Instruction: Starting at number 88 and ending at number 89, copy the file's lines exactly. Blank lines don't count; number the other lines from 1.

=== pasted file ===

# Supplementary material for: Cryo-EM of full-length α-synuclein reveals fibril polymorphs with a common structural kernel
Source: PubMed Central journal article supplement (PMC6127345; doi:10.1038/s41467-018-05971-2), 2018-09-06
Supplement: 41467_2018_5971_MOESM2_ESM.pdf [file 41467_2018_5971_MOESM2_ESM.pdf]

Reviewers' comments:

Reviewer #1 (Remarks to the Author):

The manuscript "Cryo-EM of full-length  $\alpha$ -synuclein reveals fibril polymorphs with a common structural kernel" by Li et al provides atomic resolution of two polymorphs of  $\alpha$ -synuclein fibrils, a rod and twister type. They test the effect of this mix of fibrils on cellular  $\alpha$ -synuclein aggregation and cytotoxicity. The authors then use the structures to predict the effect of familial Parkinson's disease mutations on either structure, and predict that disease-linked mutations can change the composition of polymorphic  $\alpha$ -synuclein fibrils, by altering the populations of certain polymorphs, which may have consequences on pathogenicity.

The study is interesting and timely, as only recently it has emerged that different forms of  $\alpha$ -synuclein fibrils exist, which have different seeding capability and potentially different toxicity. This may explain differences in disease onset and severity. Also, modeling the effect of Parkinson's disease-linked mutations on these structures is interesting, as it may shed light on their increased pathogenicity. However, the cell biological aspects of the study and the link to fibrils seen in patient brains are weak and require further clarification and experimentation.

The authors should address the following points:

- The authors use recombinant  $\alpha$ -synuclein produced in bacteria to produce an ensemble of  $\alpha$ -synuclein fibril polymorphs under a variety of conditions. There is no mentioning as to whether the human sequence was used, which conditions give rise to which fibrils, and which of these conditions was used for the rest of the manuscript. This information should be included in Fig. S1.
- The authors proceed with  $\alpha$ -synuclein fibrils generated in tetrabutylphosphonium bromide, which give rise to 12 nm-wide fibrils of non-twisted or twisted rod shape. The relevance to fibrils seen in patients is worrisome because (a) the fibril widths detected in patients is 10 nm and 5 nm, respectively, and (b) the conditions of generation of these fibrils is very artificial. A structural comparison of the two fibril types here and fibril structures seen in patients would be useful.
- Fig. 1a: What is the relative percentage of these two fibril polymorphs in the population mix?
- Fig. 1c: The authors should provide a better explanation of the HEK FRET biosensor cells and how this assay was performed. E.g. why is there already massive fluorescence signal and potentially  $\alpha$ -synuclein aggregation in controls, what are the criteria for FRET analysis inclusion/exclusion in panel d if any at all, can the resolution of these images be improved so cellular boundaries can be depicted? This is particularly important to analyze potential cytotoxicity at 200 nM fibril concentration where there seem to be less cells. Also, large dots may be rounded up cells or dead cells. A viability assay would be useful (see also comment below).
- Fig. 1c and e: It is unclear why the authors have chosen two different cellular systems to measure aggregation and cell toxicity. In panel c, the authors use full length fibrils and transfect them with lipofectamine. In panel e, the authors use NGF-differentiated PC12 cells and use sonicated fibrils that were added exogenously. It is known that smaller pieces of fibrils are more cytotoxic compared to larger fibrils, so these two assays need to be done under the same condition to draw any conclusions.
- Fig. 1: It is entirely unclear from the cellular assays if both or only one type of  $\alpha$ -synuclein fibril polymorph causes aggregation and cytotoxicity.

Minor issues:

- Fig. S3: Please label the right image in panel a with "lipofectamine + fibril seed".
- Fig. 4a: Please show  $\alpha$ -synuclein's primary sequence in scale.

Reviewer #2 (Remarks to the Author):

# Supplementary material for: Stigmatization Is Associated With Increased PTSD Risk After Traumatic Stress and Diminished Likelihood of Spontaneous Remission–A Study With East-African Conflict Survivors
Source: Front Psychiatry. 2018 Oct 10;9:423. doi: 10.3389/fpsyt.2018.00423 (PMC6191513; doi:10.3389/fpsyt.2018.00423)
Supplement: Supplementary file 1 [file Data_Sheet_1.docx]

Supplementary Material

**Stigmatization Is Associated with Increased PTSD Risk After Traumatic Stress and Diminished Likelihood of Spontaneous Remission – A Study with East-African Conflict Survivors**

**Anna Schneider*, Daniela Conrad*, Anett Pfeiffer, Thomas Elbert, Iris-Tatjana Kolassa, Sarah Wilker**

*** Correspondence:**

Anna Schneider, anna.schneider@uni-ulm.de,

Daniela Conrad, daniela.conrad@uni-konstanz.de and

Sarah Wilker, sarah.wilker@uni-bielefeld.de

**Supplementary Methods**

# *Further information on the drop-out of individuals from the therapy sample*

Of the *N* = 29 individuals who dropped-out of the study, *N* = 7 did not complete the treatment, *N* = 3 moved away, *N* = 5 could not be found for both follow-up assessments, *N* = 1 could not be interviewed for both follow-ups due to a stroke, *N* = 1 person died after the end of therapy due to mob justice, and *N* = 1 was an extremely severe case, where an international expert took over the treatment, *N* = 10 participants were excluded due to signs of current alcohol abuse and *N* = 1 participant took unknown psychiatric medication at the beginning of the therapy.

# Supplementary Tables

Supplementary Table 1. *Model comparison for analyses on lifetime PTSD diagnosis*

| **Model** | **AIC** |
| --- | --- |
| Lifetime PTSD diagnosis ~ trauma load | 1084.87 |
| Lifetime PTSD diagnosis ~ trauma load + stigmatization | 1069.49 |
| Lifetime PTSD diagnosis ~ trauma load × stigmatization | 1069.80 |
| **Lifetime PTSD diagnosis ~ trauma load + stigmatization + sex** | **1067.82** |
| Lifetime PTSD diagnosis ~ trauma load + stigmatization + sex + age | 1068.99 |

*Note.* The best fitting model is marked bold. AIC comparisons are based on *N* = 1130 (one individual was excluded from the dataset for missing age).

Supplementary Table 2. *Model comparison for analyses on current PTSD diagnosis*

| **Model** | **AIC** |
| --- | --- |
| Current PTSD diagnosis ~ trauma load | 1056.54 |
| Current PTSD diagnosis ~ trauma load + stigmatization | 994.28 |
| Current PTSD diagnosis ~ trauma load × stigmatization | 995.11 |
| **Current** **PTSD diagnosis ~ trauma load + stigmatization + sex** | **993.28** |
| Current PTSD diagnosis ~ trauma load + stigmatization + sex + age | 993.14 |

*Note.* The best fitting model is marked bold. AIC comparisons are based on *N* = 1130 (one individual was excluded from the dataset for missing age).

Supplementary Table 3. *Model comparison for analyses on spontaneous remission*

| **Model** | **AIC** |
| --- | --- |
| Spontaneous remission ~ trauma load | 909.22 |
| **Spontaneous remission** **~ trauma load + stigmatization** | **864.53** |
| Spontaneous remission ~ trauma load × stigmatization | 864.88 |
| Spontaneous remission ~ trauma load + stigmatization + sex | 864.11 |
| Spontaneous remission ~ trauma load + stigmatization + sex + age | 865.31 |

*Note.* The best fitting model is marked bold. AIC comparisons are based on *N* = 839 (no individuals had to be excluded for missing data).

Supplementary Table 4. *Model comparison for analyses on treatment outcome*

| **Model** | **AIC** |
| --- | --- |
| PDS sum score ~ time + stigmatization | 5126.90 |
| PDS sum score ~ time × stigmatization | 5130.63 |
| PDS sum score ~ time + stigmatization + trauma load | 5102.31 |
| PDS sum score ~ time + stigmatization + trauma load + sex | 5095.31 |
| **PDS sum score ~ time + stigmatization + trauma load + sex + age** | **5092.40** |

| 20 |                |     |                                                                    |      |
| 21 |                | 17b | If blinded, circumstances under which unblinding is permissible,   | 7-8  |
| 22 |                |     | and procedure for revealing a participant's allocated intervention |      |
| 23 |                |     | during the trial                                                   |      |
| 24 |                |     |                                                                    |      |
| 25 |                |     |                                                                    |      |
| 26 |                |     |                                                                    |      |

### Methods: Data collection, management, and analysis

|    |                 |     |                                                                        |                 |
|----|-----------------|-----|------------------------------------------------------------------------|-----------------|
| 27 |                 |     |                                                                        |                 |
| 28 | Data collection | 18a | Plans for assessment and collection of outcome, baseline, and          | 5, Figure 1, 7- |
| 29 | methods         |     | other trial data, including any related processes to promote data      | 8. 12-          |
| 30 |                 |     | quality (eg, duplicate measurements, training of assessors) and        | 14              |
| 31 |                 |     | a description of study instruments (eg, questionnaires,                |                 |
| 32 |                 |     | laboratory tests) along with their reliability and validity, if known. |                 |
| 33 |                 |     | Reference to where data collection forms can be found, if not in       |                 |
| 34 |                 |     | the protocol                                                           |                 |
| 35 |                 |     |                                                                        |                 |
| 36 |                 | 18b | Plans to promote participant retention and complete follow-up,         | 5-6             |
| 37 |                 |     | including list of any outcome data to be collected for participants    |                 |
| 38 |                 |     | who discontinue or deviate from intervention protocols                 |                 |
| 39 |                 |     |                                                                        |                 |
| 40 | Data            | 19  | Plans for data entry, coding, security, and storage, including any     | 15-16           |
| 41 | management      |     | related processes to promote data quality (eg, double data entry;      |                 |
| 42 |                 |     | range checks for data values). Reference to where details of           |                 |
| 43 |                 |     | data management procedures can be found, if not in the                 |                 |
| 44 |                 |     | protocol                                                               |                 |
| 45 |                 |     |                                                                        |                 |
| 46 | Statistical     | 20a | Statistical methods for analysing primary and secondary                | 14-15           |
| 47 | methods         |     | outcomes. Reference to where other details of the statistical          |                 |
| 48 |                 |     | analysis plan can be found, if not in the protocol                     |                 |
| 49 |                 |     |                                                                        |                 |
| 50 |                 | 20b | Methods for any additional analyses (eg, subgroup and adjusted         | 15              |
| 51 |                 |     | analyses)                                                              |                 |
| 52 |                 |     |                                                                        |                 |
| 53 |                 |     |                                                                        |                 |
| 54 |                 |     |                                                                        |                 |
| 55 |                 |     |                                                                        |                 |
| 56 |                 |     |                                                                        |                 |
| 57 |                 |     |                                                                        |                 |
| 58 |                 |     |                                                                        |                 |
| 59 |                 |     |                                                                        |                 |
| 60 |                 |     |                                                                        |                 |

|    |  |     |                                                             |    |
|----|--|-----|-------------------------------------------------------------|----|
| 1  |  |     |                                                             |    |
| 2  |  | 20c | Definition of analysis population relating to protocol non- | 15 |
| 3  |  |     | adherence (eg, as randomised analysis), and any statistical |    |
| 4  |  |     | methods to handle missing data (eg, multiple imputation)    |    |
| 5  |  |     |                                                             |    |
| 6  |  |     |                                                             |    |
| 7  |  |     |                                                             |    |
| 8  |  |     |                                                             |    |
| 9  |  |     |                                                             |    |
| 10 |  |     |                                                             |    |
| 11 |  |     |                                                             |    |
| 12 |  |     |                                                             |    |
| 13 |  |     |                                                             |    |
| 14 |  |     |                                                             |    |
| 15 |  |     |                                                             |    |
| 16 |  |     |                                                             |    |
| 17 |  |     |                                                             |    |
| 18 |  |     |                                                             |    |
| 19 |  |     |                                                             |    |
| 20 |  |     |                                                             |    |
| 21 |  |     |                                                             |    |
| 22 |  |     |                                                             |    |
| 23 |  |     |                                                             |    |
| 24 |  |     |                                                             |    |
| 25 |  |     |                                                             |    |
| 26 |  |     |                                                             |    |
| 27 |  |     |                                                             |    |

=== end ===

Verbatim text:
| 37 |                 |     | including list of any outcome data to be collected for participants    |                 |
| 38 |                 |     | who discontinue or deviate from intervention protocols                 |                 |